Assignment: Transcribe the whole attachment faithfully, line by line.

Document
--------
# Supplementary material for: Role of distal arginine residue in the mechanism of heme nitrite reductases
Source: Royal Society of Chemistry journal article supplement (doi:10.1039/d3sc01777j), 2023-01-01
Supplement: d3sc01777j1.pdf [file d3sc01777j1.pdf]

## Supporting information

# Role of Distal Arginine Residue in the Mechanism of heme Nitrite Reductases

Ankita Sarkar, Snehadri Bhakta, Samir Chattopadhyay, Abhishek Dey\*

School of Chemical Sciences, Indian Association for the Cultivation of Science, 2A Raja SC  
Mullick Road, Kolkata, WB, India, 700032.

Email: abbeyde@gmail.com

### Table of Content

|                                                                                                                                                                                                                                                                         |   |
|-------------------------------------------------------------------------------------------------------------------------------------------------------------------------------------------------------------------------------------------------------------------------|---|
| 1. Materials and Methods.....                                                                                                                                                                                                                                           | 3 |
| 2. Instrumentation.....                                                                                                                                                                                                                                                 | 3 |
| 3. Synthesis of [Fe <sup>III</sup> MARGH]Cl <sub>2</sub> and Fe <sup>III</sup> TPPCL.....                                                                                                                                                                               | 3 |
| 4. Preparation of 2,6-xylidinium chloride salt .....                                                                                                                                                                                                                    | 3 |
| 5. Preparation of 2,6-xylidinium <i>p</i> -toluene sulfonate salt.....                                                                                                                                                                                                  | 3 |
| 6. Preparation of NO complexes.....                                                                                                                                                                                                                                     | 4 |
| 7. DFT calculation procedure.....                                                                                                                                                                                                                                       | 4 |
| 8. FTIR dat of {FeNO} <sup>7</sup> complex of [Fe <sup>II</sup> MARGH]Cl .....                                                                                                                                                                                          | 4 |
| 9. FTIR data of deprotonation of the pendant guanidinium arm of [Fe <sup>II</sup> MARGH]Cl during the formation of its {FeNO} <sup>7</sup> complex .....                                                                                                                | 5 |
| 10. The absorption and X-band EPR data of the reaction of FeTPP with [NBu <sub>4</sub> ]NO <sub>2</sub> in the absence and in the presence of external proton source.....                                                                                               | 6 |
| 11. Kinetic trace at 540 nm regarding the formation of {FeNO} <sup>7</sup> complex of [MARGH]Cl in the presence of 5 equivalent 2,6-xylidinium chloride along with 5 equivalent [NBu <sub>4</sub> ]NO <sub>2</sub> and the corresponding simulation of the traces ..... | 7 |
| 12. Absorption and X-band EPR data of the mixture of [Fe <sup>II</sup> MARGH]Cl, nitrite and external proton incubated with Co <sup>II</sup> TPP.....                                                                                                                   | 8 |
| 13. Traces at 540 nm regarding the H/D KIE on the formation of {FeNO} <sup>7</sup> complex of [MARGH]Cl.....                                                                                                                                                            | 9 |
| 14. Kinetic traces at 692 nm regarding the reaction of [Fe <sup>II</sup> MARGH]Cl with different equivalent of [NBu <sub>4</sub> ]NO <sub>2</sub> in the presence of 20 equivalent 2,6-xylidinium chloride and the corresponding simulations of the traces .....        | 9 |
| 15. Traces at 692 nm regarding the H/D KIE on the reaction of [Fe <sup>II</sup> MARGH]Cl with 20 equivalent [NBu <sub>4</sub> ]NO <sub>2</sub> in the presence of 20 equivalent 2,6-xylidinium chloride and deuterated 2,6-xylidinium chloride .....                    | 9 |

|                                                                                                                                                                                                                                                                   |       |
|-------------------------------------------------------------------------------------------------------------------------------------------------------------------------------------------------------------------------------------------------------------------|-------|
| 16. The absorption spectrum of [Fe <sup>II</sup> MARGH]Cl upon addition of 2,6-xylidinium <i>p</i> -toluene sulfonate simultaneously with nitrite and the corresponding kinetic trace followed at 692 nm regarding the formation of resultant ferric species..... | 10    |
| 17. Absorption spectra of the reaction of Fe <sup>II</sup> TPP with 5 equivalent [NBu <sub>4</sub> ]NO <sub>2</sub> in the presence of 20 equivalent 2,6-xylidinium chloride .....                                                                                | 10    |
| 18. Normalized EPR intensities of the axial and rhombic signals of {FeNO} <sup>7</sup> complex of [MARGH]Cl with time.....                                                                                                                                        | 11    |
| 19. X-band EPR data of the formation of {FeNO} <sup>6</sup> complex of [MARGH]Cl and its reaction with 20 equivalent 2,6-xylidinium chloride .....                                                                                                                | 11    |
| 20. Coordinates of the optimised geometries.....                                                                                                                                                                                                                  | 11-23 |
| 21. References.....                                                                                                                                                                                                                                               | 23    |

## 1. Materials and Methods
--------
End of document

# Supplementary material for: Role of distal arginine residue in the mechanism of heme nitrite reductases
Source: Royal Society of Chemistry journal article supplement (doi:10.1039/d3sc01777j), 2023-01-01
Supplement: d3sc01777j1.pdf [file d3sc01777j1.pdf]

## Supporting information

# Role of Distal Arginine Residue in the Mechanism of heme Nitrite Reductases

Ankita Sarkar, Snehadri Bhakta, Samir Chattopadhyay, Abhishek Dey\*

School of Chemical Sciences, Indian Association for the Cultivation of Science, 2A Raja SC  
Mullick Road, Kolkata, WB, India, 700032.

Email: abbeyde@gmail.com

### Table of Content

|                                                                                                                                                                                                                                                                         |   |
|-------------------------------------------------------------------------------------------------------------------------------------------------------------------------------------------------------------------------------------------------------------------------|---|
| 1. Materials and Methods.....                                                                                                                                                                                                                                           | 3 |
| 2. Instrumentation.....                                                                                                                                                                                                                                                 | 3 |
| 3. Synthesis of [Fe <sup>III</sup> MARGH]Cl <sub>2</sub> and Fe <sup>III</sup> TPPCL.....                                                                                                                                                                               | 3 |
| 4. Preparation of 2,6-xylidinium chloride salt .....                                                                                                                                                                                                                    | 3 |
| 5. Preparation of 2,6-xylidinium <i>p</i> -toluene sulfonate salt.....                                                                                                                                                                                                  | 3 |
| 6. Preparation of NO complexes.....                                                                                                                                                                                                                                     | 4 |
| 7. DFT calculation procedure.....                                                                                                                                                                                                                                       | 4 |
| 8. FTIR dat of {FeNO} <sup>7</sup> complex of [Fe <sup>II</sup> MARGH]Cl .....                                                                                                                                                                                          | 4 |
| 9. FTIR data of deprotonation of the pendant guanidinium arm of [Fe <sup>II</sup> MARGH]Cl during the formation of its {FeNO} <sup>7</sup> complex .....                                                                                                                | 5 |
| 10. The absorption and X-band EPR data of the reaction of FeTPP with [NBu <sub>4</sub> ]NO <sub>2</sub> in the absence and in the presence of external proton source.....                                                                                               | 6 |
| 11. Kinetic trace at 540 nm regarding the formation of {FeNO} <sup>7</sup> complex of [MARGH]Cl in the presence of 5 equivalent 2,6-xylidinium chloride along with 5 equivalent [NBu <sub>4</sub> ]NO <sub>2</sub> and the corresponding simulation of the traces ..... | 7 |
| 12. Absorption and X-band EPR data of the mixture of [Fe <sup>II</sup> MARGH]Cl, nitrite and external proton incubated with Co <sup>II</sup> TPP.....                                                                                                                   | 8 |
| 13. Traces at 540 nm regarding the H/D KIE on the formation of {FeNO} <sup>7</sup> complex of [MARGH]Cl.....                                                                                                                                                            | 9 |
| 14. Kinetic traces at 692 nm regarding the reaction of [Fe <sup>II</sup> MARGH]Cl with different equivalent of [NBu <sub>4</sub> ]NO <sub>2</sub> in the presence of 20 equivalent 2,6-xylidinium chloride and the corresponding simulations of the traces .....        | 9 |
| 15. Traces at 692 nm regarding the H/D KIE on the reaction of [Fe <sup>II</sup> MARGH]Cl with 20 equivalent [NBu <sub>4</sub> ]NO <sub>2</sub> in the presence of 20 equivalent 2,6-xylidinium chloride and deuterated 2,6-xylidinium chloride .....                    | 9 |

|                                                                                                                                                                                                                                                                   |       |
|-------------------------------------------------------------------------------------------------------------------------------------------------------------------------------------------------------------------------------------------------------------------|-------|
| 16. The absorption spectrum of [Fe <sup>II</sup> MARGH]Cl upon addition of 2,6-xylidinium <i>p</i> -toluene sulfonate simultaneously with nitrite and the corresponding kinetic trace followed at 692 nm regarding the formation of resultant ferric species..... | 10    |
| 17. Absorption spectra of the reaction of Fe <sup>II</sup> TPP with 5 equivalent [NBu <sub>4</sub> ]NO <sub>2</sub> in the presence of 20 equivalent 2,6-xylidinium chloride .....                                                                                | 10    |
| 18. Normalized EPR intensities of the axial and rhombic signals of {FeNO} <sup>7</sup> complex of [MARGH]Cl with time.....                                                                                                                                        | 11    |
| 19. X-band EPR data of the formation of {FeNO} <sup>6</sup> complex of [MARGH]Cl and its reaction with 20 equivalent 2,6-xylidinium chloride .....                                                                                                                | 11    |
| 20. Coordinates of the optimised geometries.....                                                                                                                                                                                                                  | 11-23 |
| 21. References.....                                                                                                                                                                                                                                               | 23    |

## 1. Materials and Methods